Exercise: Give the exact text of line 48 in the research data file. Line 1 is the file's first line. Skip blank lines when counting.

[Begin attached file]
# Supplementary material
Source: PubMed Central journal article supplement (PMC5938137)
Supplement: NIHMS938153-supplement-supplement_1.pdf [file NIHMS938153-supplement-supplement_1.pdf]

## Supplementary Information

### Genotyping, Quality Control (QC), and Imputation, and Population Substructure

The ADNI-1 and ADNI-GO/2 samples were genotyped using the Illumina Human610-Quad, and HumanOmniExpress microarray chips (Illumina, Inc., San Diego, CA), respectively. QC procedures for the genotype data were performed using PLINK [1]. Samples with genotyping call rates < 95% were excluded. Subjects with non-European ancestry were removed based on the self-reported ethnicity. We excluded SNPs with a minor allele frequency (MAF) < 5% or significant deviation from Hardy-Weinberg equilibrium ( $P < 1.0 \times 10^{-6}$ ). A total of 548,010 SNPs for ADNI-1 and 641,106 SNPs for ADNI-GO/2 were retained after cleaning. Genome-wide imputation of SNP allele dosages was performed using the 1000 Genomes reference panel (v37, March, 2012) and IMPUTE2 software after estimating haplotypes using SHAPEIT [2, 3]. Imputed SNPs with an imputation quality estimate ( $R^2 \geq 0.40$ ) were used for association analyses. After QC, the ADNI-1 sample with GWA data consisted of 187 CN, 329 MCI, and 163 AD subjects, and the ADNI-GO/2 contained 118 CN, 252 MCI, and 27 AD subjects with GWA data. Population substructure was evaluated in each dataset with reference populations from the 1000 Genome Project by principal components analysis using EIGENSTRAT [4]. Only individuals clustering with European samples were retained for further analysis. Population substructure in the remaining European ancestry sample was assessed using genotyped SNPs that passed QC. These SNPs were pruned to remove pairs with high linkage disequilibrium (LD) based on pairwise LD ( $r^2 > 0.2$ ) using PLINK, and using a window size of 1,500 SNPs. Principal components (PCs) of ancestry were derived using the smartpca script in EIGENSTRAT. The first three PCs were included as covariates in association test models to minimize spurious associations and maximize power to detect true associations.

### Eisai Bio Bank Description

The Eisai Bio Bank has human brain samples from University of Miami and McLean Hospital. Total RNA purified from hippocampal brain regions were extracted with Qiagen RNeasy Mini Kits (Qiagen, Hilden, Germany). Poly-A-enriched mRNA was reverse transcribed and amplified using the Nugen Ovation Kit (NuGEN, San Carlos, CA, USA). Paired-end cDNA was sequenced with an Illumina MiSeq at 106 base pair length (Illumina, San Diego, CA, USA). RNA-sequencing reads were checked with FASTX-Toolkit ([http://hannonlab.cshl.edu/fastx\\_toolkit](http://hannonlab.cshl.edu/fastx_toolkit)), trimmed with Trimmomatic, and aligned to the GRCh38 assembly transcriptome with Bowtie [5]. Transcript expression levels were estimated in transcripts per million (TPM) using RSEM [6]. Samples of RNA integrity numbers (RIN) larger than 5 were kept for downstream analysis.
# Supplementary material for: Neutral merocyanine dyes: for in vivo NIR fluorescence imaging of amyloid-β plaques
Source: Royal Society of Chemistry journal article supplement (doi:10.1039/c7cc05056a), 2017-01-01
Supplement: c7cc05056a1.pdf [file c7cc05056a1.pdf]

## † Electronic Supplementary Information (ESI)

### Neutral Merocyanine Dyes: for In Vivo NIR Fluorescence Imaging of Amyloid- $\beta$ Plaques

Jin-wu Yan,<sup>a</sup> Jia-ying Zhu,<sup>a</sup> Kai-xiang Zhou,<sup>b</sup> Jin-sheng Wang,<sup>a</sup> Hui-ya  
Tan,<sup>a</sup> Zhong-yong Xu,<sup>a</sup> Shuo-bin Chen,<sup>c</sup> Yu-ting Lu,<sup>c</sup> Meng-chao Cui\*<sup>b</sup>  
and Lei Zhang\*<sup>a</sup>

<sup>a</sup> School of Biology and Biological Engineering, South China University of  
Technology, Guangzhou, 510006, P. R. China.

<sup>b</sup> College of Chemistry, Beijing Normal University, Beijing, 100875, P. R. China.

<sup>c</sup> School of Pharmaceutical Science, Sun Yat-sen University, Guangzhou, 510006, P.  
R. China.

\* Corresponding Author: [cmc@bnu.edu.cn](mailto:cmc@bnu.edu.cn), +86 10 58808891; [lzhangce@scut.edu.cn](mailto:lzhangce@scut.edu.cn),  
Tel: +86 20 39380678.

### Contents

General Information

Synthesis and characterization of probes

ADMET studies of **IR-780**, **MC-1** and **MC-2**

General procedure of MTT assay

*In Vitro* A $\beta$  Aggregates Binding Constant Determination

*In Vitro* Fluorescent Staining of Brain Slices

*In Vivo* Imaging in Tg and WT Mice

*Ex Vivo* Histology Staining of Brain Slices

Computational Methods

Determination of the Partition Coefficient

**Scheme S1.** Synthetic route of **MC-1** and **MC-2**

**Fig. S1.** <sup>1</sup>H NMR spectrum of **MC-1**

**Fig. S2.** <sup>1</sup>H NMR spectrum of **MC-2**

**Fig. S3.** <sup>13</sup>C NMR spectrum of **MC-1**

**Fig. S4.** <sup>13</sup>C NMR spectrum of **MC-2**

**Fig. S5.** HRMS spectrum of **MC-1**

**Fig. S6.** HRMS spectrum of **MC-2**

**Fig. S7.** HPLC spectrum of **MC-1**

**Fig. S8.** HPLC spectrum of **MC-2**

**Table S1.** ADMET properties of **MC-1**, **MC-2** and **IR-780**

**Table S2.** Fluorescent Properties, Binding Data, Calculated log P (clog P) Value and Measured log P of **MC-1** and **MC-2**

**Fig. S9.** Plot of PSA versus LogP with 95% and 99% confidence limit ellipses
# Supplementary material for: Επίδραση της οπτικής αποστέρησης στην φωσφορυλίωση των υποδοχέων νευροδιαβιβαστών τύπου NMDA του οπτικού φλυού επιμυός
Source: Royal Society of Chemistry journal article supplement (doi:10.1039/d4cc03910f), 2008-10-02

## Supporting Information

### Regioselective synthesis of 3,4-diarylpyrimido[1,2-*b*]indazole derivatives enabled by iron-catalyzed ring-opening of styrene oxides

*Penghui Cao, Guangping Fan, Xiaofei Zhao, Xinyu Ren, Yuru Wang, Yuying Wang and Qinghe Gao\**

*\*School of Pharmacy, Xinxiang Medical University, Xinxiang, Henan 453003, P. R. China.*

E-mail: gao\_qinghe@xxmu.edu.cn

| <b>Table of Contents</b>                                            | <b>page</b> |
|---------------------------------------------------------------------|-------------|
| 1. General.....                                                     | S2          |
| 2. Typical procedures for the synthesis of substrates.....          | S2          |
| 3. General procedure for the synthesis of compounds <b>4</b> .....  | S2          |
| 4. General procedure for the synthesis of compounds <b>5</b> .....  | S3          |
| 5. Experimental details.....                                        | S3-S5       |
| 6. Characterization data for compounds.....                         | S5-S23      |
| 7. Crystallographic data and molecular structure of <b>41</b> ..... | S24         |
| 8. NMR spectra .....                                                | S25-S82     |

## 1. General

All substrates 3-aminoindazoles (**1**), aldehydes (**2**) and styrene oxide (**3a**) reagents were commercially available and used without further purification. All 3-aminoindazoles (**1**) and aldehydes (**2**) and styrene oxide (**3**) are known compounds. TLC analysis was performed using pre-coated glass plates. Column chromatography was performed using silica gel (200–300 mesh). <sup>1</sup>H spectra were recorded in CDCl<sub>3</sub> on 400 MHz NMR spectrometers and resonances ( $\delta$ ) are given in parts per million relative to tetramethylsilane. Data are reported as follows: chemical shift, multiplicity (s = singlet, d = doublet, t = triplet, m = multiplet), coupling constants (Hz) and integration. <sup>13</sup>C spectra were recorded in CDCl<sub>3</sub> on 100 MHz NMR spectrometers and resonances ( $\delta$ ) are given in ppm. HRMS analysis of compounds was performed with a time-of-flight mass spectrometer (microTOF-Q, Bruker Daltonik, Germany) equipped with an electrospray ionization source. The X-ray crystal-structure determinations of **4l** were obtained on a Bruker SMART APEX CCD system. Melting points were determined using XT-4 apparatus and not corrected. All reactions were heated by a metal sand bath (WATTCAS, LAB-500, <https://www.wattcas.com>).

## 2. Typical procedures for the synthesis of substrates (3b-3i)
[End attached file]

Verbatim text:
Source: Royal Society of Chemistry journal article supplement (doi:10.1039/d4cc03910f), 2008-10-02